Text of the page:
One simple step to improving women’s retirement preparedness
The most important factor in explaining the retirement preparedness of women is their attitude toward savings. Overall, just over one-third of women (36%) claim to be dedicated savers whose approach is always to make sure they are saving for retirement (which is not necessarily the same as “saving enough”). The priority must be to create a retirement planning model which fits around women’s lives. This must recognize the dual role performed by women, who increasingly find themselves as both breadwinners and caregivers.
Clare an interviewee from The United Kingdom said:
“It might help if I had some professional financial advice to help me plan more effectively.”
We agree. One size fits all advice does not fit all women who may be single, married, divorced or partnered. Such a customized plan should preferably also provide for a back-up plan to cover for unforeseen events. If you aren’t single Irma, an interviewee from Hungary said, “It is good to know that my spouse will contribute to our retirement financially, because it is much easier together. It is important for your partner to have standalone savings because anything can happen.”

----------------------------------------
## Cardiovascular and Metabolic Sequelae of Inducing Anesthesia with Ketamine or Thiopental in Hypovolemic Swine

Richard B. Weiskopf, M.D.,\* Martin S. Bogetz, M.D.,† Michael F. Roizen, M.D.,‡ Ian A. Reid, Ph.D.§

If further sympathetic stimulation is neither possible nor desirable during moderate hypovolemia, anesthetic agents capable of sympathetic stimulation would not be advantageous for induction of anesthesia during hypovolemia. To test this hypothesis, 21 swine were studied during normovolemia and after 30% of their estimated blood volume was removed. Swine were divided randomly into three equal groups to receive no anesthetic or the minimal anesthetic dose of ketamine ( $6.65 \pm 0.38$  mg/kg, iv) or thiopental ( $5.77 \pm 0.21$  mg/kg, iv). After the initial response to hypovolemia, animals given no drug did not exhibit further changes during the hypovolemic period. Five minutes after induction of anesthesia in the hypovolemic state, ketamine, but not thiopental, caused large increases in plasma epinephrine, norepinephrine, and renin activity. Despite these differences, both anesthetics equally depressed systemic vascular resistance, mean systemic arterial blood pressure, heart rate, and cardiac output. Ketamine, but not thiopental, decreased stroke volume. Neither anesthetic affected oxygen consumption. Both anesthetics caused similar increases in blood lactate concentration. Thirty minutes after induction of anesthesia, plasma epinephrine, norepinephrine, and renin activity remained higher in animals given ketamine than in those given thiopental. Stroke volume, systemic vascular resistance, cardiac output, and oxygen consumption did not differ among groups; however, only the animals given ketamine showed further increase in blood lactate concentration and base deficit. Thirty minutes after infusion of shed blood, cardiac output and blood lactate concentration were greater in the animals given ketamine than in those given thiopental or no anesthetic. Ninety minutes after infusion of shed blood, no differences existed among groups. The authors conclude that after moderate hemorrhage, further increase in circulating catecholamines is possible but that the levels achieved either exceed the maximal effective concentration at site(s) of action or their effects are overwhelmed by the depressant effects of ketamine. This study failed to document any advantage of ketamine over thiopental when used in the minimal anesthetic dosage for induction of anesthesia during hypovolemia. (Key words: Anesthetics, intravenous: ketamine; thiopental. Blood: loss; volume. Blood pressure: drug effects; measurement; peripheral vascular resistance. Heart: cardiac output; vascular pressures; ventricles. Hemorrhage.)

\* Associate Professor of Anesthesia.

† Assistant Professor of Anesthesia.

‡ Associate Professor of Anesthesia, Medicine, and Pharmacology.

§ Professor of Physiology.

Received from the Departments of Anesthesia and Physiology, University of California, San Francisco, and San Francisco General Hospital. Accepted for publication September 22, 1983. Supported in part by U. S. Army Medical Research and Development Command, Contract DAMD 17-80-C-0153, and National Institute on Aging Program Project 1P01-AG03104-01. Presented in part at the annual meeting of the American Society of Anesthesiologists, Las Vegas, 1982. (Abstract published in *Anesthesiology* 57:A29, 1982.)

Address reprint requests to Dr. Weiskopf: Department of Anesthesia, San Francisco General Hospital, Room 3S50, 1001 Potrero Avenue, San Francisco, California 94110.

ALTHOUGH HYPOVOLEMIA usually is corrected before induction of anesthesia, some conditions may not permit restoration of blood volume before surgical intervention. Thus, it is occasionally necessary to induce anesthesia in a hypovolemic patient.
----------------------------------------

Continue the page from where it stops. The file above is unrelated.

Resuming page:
Why go it alone? Use the help of a CERTIFIED FINANCIAL PLANNER to help with both a savings plan and an action plan. If your workplace offers one use it. If not, you can go to the Find a Planner search on the Letsmakeaplan.org website to find one in your area or Contact Us. Does your workplace offer advice from a CFP or advisor that is legally working in your best interest? A CFP® will be able to help you determine how much you need to save, given your risk tolerance and expected retirement date (See SAT). More importantly, they can be a sounding board to learn about the particular goals and obstacles that are uniquely yours. This may include a customized plan to decrease debt, lower spending or using pay raises to fund retirement. That may include such things as disability, long term care insurance and insurance to replace the economic contribution of your spouse or partner
No time for the paperwork? You can ask them to help you with the paperwork at work or separately set-up an IRA if needed.
Increased financial literacy is always a solid investment in calming the nerves of financial uncertainty. Clients of Envision Wealth Planning receive a personal website that includes extensive videos and resources on retirement planning, college planning, estate planning, etc. It’s also available on your smartphone. We recognize your life is hectic and want you to be able to access the information when it fits your schedule. This Life In a Box video will give you some quick insight into your personal financial planning organizer. Let us know if you would like a test drive.
I hope that this will help you find your path to retirement confidence.
The opinions voiced in this material are for general information only and are not intended to provide specific advice or recommendations for any individual.